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Blog  |  April 06, 2022

For HSR Second Requests, The Need for Speed is About Timing

Our first post about HSR Second Requests provided an understanding of the HSR Act and Second Requests, including how much faster the timeline for HSR Second Requests are compared to the typical discovery lifecycle for litigation. Exactly how fast are they? And what steps do you have to complete and when? It’s all about timing.

The HSR Timeline Can Be a Process of Hurry Up and Wait

The HSR Act and various rules associated with it require parties involved in mergers and acquisitions to submit premerger notification filings, then wait before completing the transaction. After announcing the transaction, the parties involved file an HSR notification with the FTC and DOJ (for § 801.30 transactions, only the buyer’s filing must be received). Once the filing is complete, the clock begins ticking with up to two waiting periods, depending on how the process unfolds:

Initial Waiting Period (15 to 30 Days): For most filings, the waiting period is 30 days (15 days for cash tender offers and 11 USC § 363 bankruptcies). It expires at 11:59pm ET on the last day. If the 15th or 30th day falls on a federal holiday or weekend, then the end of the waiting period will be extended to 11:59pm ET of the next business day. If a filing is not complete, the start of the waiting period is delayed until the deficiencies in the filing are corrected.

Typically, there are three potential outcomes associated with the initial waiting period.

  • Expiration or Termination: If the waiting period expires without either agency issuing a request for additional information, the parties have met their HSR filing obligation and can complete the transaction. The agencies won’t send a letter or notice that the waiting period has ended, so no news is good news. Rather than waiting for the full waiting period to run, one or both of the parties also may request early termination of the waiting period, which both agencies must grant to receive the early termination.
  • Withdraw and Refile: The withdraw and refile process allows the acquiring party to withdraw its HSR filing and refile again – there is no additional filing fee if the withdrawal is within two business days. The refile will trigger the start of a new 30 (or 15) day waiting period. The withdraw and refile process is only available one time to the acquiring party, and only if the proposed acquisition does not change in any material way. It’s not available if the waiting period has expired, early termination has been granted or a Second Request has been issued.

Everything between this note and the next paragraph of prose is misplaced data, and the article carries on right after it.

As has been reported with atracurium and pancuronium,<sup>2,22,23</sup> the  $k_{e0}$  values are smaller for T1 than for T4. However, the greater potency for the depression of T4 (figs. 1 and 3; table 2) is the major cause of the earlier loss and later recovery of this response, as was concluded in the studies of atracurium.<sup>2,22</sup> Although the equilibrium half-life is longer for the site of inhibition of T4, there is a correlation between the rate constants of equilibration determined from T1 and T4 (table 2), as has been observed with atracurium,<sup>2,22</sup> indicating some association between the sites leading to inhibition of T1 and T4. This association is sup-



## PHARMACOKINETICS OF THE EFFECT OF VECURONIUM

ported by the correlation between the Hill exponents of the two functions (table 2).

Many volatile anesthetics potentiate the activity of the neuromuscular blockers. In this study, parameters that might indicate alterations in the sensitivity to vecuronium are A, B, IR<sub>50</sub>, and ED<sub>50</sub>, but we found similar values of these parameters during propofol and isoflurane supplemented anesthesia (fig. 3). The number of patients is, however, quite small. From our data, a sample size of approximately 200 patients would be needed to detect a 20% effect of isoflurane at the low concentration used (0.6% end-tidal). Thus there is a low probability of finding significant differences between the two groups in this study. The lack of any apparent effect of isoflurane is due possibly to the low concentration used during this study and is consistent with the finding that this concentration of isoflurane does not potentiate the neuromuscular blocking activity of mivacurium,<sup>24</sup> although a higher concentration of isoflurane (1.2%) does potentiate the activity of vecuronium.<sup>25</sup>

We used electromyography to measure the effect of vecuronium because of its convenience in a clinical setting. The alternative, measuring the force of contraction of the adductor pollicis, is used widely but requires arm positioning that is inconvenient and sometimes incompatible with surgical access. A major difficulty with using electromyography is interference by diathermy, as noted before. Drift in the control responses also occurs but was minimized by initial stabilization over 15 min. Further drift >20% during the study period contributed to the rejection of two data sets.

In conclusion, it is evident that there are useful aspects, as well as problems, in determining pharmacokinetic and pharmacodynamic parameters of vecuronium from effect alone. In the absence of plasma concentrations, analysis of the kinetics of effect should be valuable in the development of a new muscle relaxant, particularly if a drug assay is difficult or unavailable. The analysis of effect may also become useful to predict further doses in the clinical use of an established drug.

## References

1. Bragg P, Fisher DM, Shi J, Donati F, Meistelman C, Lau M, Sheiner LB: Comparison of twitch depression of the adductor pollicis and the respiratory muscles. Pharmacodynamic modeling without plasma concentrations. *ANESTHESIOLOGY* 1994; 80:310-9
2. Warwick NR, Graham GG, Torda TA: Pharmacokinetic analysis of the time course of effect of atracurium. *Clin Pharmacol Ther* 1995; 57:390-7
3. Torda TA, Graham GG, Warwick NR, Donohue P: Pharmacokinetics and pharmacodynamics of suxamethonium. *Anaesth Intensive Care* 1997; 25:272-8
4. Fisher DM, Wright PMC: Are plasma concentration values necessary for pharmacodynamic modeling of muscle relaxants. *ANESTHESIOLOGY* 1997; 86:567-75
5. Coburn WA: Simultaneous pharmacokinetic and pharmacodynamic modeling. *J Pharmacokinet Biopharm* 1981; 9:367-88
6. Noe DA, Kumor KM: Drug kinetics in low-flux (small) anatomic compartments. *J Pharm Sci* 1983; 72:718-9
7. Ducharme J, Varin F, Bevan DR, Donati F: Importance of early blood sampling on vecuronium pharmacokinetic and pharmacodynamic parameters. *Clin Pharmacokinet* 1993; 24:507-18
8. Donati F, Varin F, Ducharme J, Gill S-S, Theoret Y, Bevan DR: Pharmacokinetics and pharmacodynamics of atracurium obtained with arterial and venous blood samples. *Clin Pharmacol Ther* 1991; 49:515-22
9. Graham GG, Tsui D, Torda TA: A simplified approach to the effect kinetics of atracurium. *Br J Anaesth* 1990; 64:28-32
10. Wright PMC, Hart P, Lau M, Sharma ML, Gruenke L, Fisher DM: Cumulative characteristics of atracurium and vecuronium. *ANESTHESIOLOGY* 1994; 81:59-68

• Second Request: Before the 15 or 30-day waiting period expires, either the FTC or DOJ may issue a Second Request. A Second Request stops the waiting period until both parties substantially comply with the Second Request.

Substantial Compliance: A Second Request stops the waiting period until both parties substantially comply with it, which involves the production of data and documents that are responsive to the Second Request and issuance of certifications of substantial compliance. This is when the “rubber meets the road” from an eDiscovery standpoint and time is of the essence to respond quickly to the Second Request and keep the process moving forward.

Second Waiting Period: Once the parties respond to the Second Request and submit valid certifications of substantial compliance, the second waiting period will then occur. The duration of the second waiting period will depend on whether there’s a timing agreement or not. If there is not, the waiting period will then end after 30 days (or 10 days for cash tender offers and 11 USC § 363 bankruptcies). A timing agreement typically includes a commitment from the parties not to close the transaction before a certain date (for example, extending the second waiting period from 10/30 to 60/90 days respectively).

Possible Outcomes of the Second Request: There are three possible outcomes that stem from the Second Request process. They are:

  • Expiration or Termination: Just as in the case of the first waiting period, expiration of the second waiting period or agreement for early termination without action from the FTC or DOJ enables the parties to complete the transaction.
  • Parties Negotiate Consent Agreement: The FTC and/or DOJ may identify issues with the filing and the parties may negotiate remedies via a consent agreement to address the issues and enable the transaction to still be completed.
  • FTC or DOJ Sues to Block the Transaction: If that happens, it’s on! A lot of the documentation that the parties compiled to respond to the Second Request can become evidence in the subsequent litigation.

Click here to view a flow of the HSR timeline to reflect the events described above.

Conclusion

HSR Second Requests may dictate a need for speed, but speed without control can cause you to “crash and burn”. When conducting discovery for a Second Request, it’s important to continue to keep the big picture in mind regarding the data and documents produced to satisfy the parameters of the Second Request as that information may become evidence in a possible litigation.

It’s important to work with a provider who understands both workflows well and understands how to respond to a Second Request in a manner that will eliminate rework should the same information be needed to support litigation. HSR Second Requests are all about timing and using that timing effectively to support any use case that stems from the Second Request process.

For more regarding Cimplifi Corporate Transactions & Antitrust capabilities, click here.

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